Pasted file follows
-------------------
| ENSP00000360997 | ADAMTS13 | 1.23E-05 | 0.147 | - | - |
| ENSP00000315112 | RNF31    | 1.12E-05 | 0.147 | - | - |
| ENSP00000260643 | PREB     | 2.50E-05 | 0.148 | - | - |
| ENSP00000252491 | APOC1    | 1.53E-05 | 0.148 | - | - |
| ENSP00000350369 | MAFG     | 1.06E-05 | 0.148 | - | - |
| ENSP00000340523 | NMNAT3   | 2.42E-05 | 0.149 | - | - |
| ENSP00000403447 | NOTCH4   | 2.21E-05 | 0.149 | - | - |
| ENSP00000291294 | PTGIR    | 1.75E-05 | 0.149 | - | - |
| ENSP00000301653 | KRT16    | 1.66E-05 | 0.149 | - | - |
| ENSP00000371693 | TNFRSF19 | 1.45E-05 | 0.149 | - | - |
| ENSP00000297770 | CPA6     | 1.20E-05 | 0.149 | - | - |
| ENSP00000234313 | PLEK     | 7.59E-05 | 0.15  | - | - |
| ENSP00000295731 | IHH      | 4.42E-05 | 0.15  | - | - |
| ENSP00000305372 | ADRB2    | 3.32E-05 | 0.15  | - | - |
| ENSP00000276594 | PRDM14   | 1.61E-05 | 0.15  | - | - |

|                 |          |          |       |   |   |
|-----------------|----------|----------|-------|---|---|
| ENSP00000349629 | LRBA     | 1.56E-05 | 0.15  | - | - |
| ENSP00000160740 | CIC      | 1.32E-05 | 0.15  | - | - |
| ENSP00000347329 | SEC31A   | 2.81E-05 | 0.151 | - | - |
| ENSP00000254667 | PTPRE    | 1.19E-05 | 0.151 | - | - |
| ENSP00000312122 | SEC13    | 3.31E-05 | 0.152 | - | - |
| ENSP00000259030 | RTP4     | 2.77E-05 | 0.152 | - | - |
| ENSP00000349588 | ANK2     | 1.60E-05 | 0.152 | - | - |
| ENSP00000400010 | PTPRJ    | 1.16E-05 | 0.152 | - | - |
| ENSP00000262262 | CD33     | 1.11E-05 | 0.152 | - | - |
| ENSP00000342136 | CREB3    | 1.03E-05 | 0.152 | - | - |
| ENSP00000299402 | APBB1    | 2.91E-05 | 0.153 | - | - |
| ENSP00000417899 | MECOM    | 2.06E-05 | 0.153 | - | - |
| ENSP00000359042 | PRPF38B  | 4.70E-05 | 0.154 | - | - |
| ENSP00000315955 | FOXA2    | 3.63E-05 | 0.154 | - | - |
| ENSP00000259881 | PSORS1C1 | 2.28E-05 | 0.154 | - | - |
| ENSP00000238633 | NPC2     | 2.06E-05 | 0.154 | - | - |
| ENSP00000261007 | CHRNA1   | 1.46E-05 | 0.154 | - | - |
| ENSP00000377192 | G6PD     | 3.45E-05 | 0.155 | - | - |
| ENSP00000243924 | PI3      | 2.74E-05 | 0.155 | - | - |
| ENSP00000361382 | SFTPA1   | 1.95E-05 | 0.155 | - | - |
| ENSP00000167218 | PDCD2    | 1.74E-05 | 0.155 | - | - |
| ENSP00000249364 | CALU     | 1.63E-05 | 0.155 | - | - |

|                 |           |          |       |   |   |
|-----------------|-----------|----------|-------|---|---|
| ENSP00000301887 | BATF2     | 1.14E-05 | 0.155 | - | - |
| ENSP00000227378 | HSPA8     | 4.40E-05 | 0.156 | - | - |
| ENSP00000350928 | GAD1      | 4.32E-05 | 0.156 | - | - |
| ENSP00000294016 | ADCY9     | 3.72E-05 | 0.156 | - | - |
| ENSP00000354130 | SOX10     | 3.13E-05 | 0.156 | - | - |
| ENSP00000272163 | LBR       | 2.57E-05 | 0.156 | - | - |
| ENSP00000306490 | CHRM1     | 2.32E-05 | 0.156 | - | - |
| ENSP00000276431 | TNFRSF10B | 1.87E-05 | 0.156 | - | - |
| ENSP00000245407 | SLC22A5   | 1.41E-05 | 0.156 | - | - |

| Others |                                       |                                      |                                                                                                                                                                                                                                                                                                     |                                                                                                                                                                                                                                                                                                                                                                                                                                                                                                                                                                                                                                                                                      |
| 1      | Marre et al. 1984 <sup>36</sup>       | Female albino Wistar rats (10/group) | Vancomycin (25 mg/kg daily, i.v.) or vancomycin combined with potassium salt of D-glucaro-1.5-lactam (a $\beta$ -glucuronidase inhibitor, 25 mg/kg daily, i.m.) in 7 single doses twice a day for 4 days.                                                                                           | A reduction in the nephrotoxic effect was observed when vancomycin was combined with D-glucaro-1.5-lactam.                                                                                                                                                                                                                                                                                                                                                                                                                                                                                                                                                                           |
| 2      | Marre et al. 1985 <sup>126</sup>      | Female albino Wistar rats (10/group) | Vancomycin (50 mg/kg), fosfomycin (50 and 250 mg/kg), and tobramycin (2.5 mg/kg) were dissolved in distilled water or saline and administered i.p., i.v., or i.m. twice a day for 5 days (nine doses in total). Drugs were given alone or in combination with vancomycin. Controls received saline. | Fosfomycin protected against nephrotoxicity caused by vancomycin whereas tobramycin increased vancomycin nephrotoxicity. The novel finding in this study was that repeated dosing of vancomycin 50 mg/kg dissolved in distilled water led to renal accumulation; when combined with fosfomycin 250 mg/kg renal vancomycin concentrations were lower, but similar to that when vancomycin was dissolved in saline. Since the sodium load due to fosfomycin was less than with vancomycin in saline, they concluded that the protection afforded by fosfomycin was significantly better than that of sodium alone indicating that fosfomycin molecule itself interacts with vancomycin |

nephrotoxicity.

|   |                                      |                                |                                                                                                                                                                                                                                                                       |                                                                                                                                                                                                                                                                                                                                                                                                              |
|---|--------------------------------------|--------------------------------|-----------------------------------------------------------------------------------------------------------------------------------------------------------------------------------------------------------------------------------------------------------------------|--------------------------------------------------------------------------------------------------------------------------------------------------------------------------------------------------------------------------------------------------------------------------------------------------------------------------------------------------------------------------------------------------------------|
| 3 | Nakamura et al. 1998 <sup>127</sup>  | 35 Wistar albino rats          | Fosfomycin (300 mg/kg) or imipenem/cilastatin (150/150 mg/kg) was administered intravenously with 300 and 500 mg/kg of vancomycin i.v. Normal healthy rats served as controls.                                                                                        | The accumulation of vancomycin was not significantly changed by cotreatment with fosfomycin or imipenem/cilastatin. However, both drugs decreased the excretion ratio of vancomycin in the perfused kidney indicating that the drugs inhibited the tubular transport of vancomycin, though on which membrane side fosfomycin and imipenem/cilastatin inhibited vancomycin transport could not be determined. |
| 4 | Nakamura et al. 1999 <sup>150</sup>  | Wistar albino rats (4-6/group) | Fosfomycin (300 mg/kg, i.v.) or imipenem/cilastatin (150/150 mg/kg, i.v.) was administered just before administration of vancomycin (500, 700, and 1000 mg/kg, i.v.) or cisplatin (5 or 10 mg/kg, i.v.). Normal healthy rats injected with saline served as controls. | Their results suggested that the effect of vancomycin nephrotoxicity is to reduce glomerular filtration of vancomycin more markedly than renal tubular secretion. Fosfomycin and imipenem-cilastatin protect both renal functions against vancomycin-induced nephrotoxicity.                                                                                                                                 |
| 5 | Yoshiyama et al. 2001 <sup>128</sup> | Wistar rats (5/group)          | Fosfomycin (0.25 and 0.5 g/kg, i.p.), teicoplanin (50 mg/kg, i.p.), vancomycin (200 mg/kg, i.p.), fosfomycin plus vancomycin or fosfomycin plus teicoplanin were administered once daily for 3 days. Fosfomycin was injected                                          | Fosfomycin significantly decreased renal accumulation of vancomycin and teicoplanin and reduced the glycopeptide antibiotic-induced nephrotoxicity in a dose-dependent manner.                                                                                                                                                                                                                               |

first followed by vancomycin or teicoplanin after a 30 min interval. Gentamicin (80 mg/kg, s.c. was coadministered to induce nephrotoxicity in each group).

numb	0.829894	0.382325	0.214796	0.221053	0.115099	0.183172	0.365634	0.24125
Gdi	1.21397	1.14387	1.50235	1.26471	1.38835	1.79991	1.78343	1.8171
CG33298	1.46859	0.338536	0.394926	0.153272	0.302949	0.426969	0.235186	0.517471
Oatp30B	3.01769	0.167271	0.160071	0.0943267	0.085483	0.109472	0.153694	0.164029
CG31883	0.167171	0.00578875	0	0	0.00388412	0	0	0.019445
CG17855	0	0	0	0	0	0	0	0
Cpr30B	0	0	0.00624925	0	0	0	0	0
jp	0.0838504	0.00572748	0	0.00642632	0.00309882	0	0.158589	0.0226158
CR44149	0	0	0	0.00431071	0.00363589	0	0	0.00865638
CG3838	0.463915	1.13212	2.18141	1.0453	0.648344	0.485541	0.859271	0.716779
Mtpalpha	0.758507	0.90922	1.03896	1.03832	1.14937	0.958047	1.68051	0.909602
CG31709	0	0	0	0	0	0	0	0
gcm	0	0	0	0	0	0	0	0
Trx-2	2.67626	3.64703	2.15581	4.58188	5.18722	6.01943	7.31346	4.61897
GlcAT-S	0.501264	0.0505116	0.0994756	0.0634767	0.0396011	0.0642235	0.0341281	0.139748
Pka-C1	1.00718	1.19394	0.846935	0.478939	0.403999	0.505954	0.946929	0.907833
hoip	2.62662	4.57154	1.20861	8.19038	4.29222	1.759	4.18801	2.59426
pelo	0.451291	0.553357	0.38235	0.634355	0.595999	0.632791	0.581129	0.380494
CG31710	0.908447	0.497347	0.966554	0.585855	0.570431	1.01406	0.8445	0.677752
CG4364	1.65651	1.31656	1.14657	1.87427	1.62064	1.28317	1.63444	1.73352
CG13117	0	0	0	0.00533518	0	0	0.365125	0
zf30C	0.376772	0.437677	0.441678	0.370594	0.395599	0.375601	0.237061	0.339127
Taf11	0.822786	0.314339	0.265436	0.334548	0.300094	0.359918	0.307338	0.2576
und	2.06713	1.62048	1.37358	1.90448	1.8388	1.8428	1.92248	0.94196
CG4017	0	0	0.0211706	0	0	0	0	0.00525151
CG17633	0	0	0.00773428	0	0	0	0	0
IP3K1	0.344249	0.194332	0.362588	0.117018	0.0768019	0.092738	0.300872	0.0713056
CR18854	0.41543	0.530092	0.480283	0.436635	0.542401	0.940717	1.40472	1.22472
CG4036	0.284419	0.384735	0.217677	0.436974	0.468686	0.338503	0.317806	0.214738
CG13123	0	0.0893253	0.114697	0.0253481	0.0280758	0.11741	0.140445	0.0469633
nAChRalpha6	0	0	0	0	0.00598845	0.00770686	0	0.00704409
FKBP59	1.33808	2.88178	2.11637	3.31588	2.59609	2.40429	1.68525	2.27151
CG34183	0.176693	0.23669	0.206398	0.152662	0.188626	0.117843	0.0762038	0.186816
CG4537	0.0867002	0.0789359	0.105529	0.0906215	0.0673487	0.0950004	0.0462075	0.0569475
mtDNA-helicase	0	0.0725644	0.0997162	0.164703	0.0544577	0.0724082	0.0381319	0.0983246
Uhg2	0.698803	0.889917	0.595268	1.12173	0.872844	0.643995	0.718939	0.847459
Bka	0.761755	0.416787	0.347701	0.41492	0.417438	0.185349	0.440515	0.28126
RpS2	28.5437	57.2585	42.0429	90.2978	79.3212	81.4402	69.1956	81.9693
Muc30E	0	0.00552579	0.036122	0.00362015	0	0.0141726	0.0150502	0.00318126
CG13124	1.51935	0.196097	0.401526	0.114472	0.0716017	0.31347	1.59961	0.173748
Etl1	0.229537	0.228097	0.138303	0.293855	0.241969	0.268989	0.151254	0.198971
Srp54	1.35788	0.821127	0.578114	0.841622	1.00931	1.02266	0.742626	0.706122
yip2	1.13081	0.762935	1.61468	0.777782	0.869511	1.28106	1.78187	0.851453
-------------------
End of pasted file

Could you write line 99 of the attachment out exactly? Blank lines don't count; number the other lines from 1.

Muc30E	0	0.00552579	0.036122	0.00362015	0	0.0141726	0.0150502	0.00318126